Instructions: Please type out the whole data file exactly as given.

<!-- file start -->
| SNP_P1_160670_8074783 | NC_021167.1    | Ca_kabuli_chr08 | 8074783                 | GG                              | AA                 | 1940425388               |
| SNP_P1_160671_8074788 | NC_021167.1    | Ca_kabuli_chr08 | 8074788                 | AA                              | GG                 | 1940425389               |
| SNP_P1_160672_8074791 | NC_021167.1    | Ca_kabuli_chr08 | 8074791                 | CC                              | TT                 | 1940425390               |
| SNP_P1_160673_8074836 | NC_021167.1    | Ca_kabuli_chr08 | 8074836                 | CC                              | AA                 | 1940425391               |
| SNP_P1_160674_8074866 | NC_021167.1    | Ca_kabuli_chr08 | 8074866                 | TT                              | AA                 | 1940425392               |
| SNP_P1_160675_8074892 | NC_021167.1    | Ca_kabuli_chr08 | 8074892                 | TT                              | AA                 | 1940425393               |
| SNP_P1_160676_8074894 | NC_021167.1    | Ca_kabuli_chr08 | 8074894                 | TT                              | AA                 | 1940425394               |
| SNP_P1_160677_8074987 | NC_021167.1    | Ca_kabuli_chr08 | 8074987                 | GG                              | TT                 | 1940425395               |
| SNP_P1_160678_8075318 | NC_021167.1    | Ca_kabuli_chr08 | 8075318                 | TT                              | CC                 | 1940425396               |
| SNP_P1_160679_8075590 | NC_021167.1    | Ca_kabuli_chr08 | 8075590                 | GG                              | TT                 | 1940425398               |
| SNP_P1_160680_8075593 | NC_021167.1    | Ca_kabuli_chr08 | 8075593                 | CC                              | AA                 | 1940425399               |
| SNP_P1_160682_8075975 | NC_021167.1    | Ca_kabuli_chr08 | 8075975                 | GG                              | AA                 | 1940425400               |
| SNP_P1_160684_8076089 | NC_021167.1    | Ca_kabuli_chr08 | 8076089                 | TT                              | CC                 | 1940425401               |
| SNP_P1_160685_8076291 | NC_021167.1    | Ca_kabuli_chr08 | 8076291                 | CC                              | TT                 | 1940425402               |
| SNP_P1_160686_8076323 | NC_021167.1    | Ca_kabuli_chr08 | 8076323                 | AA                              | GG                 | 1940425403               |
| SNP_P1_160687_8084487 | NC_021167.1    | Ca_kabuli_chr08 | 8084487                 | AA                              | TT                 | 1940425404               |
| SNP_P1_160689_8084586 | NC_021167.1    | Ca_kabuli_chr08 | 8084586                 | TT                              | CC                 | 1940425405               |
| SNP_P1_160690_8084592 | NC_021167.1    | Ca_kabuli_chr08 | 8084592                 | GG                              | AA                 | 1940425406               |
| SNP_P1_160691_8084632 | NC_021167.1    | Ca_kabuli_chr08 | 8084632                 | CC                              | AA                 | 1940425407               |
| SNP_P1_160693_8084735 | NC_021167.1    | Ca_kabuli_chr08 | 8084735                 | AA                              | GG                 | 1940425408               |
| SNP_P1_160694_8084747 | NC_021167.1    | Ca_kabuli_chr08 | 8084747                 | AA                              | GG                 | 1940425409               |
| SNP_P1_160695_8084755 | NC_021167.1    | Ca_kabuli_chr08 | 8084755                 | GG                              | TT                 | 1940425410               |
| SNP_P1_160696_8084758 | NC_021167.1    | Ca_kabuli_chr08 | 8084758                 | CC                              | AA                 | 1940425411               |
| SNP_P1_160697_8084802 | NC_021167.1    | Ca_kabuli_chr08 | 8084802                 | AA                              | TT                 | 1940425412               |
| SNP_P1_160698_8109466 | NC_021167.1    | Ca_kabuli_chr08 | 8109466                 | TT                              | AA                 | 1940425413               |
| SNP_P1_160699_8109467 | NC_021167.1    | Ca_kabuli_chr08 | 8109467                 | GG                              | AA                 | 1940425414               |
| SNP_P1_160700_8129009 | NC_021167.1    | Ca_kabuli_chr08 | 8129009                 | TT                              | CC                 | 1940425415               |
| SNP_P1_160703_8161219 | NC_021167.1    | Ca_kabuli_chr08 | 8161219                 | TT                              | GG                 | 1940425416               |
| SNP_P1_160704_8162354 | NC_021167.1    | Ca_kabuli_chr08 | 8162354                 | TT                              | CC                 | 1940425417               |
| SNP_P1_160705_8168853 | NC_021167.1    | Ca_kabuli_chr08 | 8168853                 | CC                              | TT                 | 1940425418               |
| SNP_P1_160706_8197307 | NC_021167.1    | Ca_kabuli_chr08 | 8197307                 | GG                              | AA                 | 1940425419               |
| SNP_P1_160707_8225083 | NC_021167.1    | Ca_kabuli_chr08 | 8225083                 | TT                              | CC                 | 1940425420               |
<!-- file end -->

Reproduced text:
| SNP_P1_160670_8074783 | NC_021167.1    | Ca_kabuli_chr08 | 8074783                 | GG                              | AA                 | 1940425388               |
| SNP_P1_160671_8074788 | NC_021167.1    | Ca_kabuli_chr08 | 8074788                 | AA                              | GG                 | 1940425389               |
| SNP_P1_160672_8074791 | NC_021167.1    | Ca_kabuli_chr08 | 8074791                 | CC                              | TT                 | 1940425390               |
| SNP_P1_160673_8074836 | NC_021167.1    | Ca_kabuli_chr08 | 8074836                 | CC                              | AA                 | 1940425391               |
| SNP_P1_160674_8074866 | NC_021167.1    | Ca_kabuli_chr08 | 8074866                 | TT                              | AA                 | 1940425392               |
| SNP_P1_160675_8074892 | NC_021167.1    | Ca_kabuli_chr08 | 8074892                 | TT                              | AA                 | 1940425393               |
| SNP_P1_160676_8074894 | NC_021167.1    | Ca_kabuli_chr08 | 8074894                 | TT                              | AA                 | 1940425394               |
| SNP_P1_160677_8074987 | NC_021167.1    | Ca_kabuli_chr08 | 8074987                 | GG                              | TT                 | 1940425395               |
| SNP_P1_160678_8075318 | NC_021167.1    | Ca_kabuli_chr08 | 8075318                 | TT                              | CC                 | 1940425396               |
| SNP_P1_160679_8075590 | NC_021167.1    | Ca_kabuli_chr08 | 8075590                 | GG                              | TT                 | 1940425398               |
| SNP_P1_160680_8075593 | NC_021167.1    | Ca_kabuli_chr08 | 8075593                 | CC                              | AA                 | 1940425399               |
| SNP_P1_160682_8075975 | NC_021167.1    | Ca_kabuli_chr08 | 8075975                 | GG                              | AA                 | 1940425400               |
| SNP_P1_160684_8076089 | NC_021167.1    | Ca_kabuli_chr08 | 8076089                 | TT                              | CC                 | 1940425401               |
| SNP_P1_160685_8076291 | NC_021167.1    | Ca_kabuli_chr08 | 8076291                 | CC                              | TT                 | 1940425402               |
| SNP_P1_160686_8076323 | NC_021167.1    | Ca_kabuli_chr08 | 8076323                 | AA                              | GG                 | 1940425403               |
| SNP_P1_160687_8084487 | NC_021167.1    | Ca_kabuli_chr08 | 8084487                 | AA                              | TT                 | 1940425404               |
| SNP_P1_160689_8084586 | NC_021167.1    | Ca_kabuli_chr08 | 8084586                 | TT                              | CC                 | 1940425405               |
| SNP_P1_160690_8084592 | NC_021167.1    | Ca_kabuli_chr08 | 8084592                 | GG                              | AA                 | 1940425406               |
| SNP_P1_160691_8084632 | NC_021167.1    | Ca_kabuli_chr08 | 8084632                 | CC                              | AA                 | 1940425407               |
| SNP_P1_160693_8084735 | NC_021167.1    | Ca_kabuli_chr08 | 8084735                 | AA                              | GG                 | 1940425408               |
| SNP_P1_160694_8084747 | NC_021167.1    | Ca_kabuli_chr08 | 8084747                 | AA                              | GG                 | 1940425409               |
| SNP_P1_160695_8084755 | NC_021167.1    | Ca_kabuli_chr08 | 8084755                 | GG                              | TT                 | 1940425410               |
| SNP_P1_160696_8084758 | NC_021167.1    | Ca_kabuli_chr08 | 8084758                 | CC                              | AA                 | 1940425411               |
| SNP_P1_160697_8084802 | NC_021167.1    | Ca_kabuli_chr08 | 8084802                 | AA                              | TT                 | 1940425412               |
| SNP_P1_160698_8109466 | NC_021167.1    | Ca_kabuli_chr08 | 8109466                 | TT                              | AA                 | 1940425413               |
| SNP_P1_160699_8109467 | NC_021167.1    | Ca_kabuli_chr08 | 8109467                 | GG                              | AA                 | 1940425414               |
| SNP_P1_160700_8129009 | NC_021167.1    | Ca_kabuli_chr08 | 8129009                 | TT                              | CC                 | 1940425415               |
| SNP_P1_160703_8161219 | NC_021167.1    | Ca_kabuli_chr08 | 8161219                 | TT                              | GG                 | 1940425416               |
| SNP_P1_160704_8162354 | NC_021167.1    | Ca_kabuli_chr08 | 8162354                 | TT                              | CC                 | 1940425417               |
| SNP_P1_160705_8168853 | NC_021167.1    | Ca_kabuli_chr08 | 8168853                 | CC                              | TT                 | 1940425418               |
| SNP_P1_160706_8197307 | NC_021167.1    | Ca_kabuli_chr08 | 8197307                 | GG                              | AA                 | 1940425419               |
| SNP_P1_160707_8225083 | NC_021167.1    | Ca_kabuli_chr08 | 8225083                 | TT                              | CC                 | 1940425420               |